Celtic Swords in Archeology
The lasting image of Celtic civilization from the written sources, both Celtic and Classical, is of a culture dominated by a warrior caste which is ferocious and quarrelsome, heedlessly brave in battle and exceptionally thorny on points of personal honor. Particularly, the Irish Celtic tales present us with a society in which warfare is common, where battle is based on individual skill, and where battles take place between chosen champions. Among the ancient Celts combat was almost a ritualized sport with a well-defined code of behavior.
Across the mainland of Celtic Europe, a warrior caste is evident in the archaeological record, rife with Celtic swords, spears and shields. In all La Téne cemetery areas, burials of heavily armed Celtic men are a continually persistent characteristic along with Celtic swords, spears, shields and other armaments. The collective evidence of archaeology and the written material enables us to envision the boastful, swaggering Celtic warriors engaged in their deadly swordplay.
Irish La Téne Celtic Sword Finds
Celtic Swords of Iron Age date from Ireland now number around 3. Celtic sword blade lengths are astoundingly short, varying from a about 46 cm to as little as 37 cm. This is in stark contrast with the lengthy Celtic swords used by Continental Celts, and demonstrates the local nature of the Irish Celtic swords and weaponry. The shortness of the Irish Celtic swords may signify their intended use for stabbing and hacking in close quarters fighting.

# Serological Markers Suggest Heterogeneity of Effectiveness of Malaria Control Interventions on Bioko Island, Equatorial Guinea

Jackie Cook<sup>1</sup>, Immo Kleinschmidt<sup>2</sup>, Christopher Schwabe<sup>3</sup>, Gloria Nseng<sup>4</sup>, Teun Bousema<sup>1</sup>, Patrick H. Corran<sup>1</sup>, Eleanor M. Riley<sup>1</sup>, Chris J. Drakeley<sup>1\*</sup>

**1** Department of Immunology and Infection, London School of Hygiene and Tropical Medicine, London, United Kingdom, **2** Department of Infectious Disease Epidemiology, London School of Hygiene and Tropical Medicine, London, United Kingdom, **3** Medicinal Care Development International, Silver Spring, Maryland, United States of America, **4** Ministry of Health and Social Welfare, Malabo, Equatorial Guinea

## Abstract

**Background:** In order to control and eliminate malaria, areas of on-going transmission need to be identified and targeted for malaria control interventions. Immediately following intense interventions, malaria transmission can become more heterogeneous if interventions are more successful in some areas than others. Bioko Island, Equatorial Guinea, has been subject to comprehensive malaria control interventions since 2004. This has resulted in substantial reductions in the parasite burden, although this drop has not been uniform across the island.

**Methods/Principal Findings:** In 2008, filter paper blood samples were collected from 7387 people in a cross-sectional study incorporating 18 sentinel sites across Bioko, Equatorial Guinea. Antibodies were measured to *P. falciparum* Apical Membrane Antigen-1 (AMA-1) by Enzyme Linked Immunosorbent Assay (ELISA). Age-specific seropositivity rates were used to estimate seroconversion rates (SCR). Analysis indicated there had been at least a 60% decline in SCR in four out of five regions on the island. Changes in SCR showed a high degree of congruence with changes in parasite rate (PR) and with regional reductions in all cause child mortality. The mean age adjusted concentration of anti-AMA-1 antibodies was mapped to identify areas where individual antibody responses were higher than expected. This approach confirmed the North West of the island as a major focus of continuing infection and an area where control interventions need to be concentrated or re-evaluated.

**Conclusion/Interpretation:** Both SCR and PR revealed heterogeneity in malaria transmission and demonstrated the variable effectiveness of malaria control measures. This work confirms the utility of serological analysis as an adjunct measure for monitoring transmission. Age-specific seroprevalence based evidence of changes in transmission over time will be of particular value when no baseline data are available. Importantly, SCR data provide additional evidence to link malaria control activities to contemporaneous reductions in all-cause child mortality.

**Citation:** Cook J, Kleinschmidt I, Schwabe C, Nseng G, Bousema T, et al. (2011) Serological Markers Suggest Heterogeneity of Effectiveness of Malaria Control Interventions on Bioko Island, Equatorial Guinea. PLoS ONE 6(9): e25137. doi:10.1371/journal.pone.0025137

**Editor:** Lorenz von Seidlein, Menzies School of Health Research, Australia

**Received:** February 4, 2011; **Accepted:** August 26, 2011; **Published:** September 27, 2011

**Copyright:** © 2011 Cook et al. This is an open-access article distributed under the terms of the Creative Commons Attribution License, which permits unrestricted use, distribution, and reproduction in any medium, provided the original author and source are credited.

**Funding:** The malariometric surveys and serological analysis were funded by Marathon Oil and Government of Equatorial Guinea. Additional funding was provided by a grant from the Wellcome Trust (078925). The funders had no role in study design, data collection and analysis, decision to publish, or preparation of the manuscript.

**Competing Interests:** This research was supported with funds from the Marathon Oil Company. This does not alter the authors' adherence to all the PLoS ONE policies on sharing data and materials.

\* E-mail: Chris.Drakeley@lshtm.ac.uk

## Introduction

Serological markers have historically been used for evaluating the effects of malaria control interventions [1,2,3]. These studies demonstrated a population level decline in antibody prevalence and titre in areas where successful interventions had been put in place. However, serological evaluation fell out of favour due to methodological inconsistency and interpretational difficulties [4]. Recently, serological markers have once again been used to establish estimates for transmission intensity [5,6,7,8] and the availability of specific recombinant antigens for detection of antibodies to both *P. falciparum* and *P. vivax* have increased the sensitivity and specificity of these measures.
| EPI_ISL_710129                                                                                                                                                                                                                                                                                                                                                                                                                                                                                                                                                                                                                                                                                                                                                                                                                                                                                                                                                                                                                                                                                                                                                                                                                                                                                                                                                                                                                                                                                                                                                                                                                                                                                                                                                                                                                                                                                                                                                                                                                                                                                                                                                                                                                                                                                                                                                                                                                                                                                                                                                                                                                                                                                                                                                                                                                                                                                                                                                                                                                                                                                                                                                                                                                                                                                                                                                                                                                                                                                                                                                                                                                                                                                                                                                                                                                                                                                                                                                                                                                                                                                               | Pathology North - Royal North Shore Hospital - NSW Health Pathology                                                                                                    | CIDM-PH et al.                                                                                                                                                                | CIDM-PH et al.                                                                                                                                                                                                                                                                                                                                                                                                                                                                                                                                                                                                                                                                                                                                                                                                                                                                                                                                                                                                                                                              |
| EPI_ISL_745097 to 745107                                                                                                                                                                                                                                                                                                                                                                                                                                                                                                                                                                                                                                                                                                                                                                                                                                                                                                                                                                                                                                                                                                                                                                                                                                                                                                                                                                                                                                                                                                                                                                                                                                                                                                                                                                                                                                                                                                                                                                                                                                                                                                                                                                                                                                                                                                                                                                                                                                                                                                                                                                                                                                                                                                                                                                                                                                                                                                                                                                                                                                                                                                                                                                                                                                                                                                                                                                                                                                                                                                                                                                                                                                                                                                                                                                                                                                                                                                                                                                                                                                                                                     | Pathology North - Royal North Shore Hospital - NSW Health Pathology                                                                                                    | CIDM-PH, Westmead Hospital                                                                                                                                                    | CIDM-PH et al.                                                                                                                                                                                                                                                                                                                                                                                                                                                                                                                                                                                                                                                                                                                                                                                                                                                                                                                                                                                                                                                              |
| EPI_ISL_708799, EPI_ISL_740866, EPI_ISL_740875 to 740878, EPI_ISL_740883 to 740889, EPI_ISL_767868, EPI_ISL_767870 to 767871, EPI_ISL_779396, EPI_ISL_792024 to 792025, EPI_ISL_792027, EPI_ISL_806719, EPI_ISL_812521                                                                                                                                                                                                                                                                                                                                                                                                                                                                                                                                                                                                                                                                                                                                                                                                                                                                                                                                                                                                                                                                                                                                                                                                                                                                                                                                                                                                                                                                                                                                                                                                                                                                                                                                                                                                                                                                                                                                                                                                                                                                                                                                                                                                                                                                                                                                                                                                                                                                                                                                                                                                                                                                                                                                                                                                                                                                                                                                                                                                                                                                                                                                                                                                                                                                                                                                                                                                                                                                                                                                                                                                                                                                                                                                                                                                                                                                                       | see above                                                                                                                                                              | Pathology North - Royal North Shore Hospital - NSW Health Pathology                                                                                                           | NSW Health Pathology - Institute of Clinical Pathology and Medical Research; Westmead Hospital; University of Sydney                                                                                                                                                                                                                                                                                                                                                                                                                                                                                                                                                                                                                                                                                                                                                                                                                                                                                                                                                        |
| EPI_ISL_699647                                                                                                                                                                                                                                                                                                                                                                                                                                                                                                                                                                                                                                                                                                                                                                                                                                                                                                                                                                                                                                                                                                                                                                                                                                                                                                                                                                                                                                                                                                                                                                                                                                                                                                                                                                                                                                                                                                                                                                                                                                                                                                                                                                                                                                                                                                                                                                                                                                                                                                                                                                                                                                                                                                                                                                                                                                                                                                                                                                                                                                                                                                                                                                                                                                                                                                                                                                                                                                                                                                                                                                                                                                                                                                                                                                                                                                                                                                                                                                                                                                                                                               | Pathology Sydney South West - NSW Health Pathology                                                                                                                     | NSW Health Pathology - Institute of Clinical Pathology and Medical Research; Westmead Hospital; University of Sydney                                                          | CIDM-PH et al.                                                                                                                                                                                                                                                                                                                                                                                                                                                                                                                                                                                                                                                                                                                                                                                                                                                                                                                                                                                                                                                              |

Celtic sword blades are leaf shaped, triangular, or parallel sided. Leaf shaped Celtic swords are probably the oldest. Sometimes there are midribs on Celtic swords and only some have longitudinal grooves or ribbing. Celtic sword hilts were often made of antler or sheep bone, and antler hilt-guards are also well known. Flattened oval antler pommels are infrequently preserved on Celtic swords. There is a separately made hilt-guard-plate at the top of the Celtic sword blade, typically of bronze, and usually bell-shaped. A wooden model provides the best indication of the original appearance of a typical Irish La Téne Celtic sword from Ballykilmurry, Co. Wicklow. This Celtic sword, though possessing a mysterious half-cylindrical protuberance on the blade, allows us to scrutinize in detail the unique character of the Celtic sword hilt-fittings, and most interestingly, the wooden model of the normally metal hilt-guard-plate which occurred between the organic hilt-guard and the blade.
La Téne Bronze Celtic sword hilt